“We are going global together with our partners in the market, however this round still focuses mostly in Latin America where we already started operations,” Mariana Vasconcelos, CEO & founder of São Paulo-based digital agtech startup Agrosmart tells AFN.
The digital agriculture platform recently booked a $5.8 million Series A, receiving backing from Brazil’s second-largest banking giant Bradesco’s Inovabra Ventures fund, as well as computer manufacturer Positivo Tecnologia’s corporate venture arm.
Snapshot: All about Agrosmart
Agrosmart uses big data and analytics to help farmers across nine countries increase the efficiency and sustainability of their operations across a diverse range of crops — grains, coffee, sugar cane, cotton and fruits. It captures data from different sources, including soil sensors, drones, and satellite images to “generate intelligent agronomic models based on the genetic material, soil type and microclimate of each field.” Its software analyzes this raw data and then uses machine learning algorithms to make recommendations on everything from seed placement to climate modeling. The end result? Agrosmart says it has helped farmers produce savings of “up to 60% water and 20% energy.”
But farmers aren’t Agrosmart’s only customers; Cargill, Syngenta and Coca-Cola are some big name corporate clients that use the platform to monitor and benchmark the sustainability of their supply chains, provide transparency to their clients, and understand the climate risks associated with their businesses. The US soda juggernaut uses Agrosmart to monitor its fruit farms in Espírito Santo, Brazil.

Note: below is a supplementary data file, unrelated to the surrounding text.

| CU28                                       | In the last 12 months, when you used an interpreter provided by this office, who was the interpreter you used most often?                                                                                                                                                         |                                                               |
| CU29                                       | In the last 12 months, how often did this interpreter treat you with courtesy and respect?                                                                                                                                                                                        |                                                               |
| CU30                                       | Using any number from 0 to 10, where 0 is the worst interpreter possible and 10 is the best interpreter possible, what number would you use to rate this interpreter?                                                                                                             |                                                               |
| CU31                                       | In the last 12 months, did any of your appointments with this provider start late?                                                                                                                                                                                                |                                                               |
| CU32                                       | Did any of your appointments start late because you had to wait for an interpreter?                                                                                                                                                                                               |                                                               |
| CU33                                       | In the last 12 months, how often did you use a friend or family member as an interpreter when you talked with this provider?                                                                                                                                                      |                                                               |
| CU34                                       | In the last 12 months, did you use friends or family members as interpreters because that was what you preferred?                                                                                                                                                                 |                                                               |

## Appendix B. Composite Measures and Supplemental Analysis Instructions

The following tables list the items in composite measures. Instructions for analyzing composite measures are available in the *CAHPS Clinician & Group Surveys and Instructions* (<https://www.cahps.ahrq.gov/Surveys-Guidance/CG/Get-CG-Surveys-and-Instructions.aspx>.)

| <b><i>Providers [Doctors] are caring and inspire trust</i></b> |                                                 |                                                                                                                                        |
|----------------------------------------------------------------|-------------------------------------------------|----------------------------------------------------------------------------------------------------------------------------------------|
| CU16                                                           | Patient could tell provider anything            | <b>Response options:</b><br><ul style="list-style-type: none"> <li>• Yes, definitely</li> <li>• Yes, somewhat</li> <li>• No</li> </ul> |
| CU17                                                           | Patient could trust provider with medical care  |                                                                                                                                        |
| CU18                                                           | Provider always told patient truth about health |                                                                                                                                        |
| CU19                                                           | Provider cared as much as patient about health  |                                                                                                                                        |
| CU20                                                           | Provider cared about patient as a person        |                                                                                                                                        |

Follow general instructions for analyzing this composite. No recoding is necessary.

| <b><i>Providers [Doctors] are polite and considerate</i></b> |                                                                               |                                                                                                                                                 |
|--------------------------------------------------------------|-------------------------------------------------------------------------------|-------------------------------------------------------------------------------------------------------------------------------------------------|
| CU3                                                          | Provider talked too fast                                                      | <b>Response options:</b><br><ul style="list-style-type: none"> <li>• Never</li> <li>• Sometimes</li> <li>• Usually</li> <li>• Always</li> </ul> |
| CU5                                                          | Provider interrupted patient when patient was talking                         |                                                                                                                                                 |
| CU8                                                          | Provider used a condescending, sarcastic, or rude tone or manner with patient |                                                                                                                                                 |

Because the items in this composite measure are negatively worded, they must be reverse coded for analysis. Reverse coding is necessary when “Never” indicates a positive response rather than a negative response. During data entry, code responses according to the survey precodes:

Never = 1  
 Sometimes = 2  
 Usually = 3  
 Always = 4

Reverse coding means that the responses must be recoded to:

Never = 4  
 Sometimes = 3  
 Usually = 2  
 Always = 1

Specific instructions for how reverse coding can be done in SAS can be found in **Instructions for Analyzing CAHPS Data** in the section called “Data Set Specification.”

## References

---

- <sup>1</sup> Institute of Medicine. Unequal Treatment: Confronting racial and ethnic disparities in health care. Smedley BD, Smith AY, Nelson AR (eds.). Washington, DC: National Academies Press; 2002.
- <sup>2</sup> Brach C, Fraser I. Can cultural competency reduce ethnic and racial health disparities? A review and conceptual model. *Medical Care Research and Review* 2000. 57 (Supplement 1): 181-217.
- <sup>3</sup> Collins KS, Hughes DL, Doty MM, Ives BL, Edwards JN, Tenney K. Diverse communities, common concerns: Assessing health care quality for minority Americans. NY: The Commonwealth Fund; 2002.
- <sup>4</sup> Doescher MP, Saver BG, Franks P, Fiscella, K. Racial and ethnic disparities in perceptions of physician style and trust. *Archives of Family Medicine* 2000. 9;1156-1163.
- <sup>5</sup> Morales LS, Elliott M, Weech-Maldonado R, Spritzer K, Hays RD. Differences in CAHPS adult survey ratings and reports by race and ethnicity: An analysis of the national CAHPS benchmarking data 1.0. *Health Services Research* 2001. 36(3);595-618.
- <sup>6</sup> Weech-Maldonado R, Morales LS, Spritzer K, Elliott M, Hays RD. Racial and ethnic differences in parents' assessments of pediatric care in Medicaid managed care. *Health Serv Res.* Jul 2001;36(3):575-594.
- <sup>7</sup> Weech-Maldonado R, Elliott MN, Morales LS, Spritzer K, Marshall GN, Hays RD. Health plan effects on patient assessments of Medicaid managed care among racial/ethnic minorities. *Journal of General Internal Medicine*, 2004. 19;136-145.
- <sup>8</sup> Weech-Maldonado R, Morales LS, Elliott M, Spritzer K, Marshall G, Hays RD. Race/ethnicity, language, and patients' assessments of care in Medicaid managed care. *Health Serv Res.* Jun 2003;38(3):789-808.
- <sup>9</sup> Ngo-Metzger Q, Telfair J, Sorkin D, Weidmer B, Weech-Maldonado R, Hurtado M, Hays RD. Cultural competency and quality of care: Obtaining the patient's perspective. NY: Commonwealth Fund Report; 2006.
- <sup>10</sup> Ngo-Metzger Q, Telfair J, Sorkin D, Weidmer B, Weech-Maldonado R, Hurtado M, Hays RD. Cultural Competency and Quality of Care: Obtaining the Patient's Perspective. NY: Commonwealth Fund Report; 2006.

Agrosmart is constantly adding to its technology stack, according to Vasconcelos who says it deploys new features quickly. “From IoT to AI and blockchain, we use state of the art tech to solve our customers’ problems,” says Vasconcelos, acknowledging the ever-changing nature of her customers’ needs, “we continue to invest on growing our tech, so we can develop further algorithms.”
“It was a challenge to grow robust datasets from local soil and microclimate conditions, but generalizing our algorithms to support inputs that comes from different sources, sensors and providers, led us to create high precision algorithms for irrigation, 7-day weather forecast and coffee rust prediction.”
Agrosmart’s vision: to conquer Latin America, and beyond
But what helps the app stand out from the rest in Latin America? Its low barrier to entry. It’s available on Google Play and the Apple Store. It also reaches farmers in rural areas as it uses and transmits data via satellite or lower-broadband 3G networks. It reminds us at AFN of apps like Impact Terra’s Golden Paddy in Myanmar and India’s Gramophone, although there are many more.
A low barrier to entry is also one way to keep a farm app “sticky” Impact Terra’s founder told us a couple of weeks ago.
With a presence in nine countries and counting, Agrosmarts plans to use the Series A capital to expand the product portfolio and catapult the company into the rest of the Americas.
“My vision is for us to become the largest digital agriculture platform in Latin America by integrating the whole food supply chain,” says Vasconcelos, who started her business crunching numbers on her father’s farm back in 2014, in order to help him make better decisions.
The expansion includes launching new features, such as farmer insurance programs in case of crop disease. Vasconcelos plans to make the most of Bradesco’s financial services expertise as Agrosmart ventures into that space.
“They have a massive penetration in both in our country and its agricultural sector,” she adds.
Any operational growth calls for a greater influx of talent, and Vasconcelos plans on doing just that. Agrosmart’s expansion also includes an increase in manpower, including a new head of Digital Sales and a head of Customer Success. (Keep on eye on our jobs board for when the details are out!)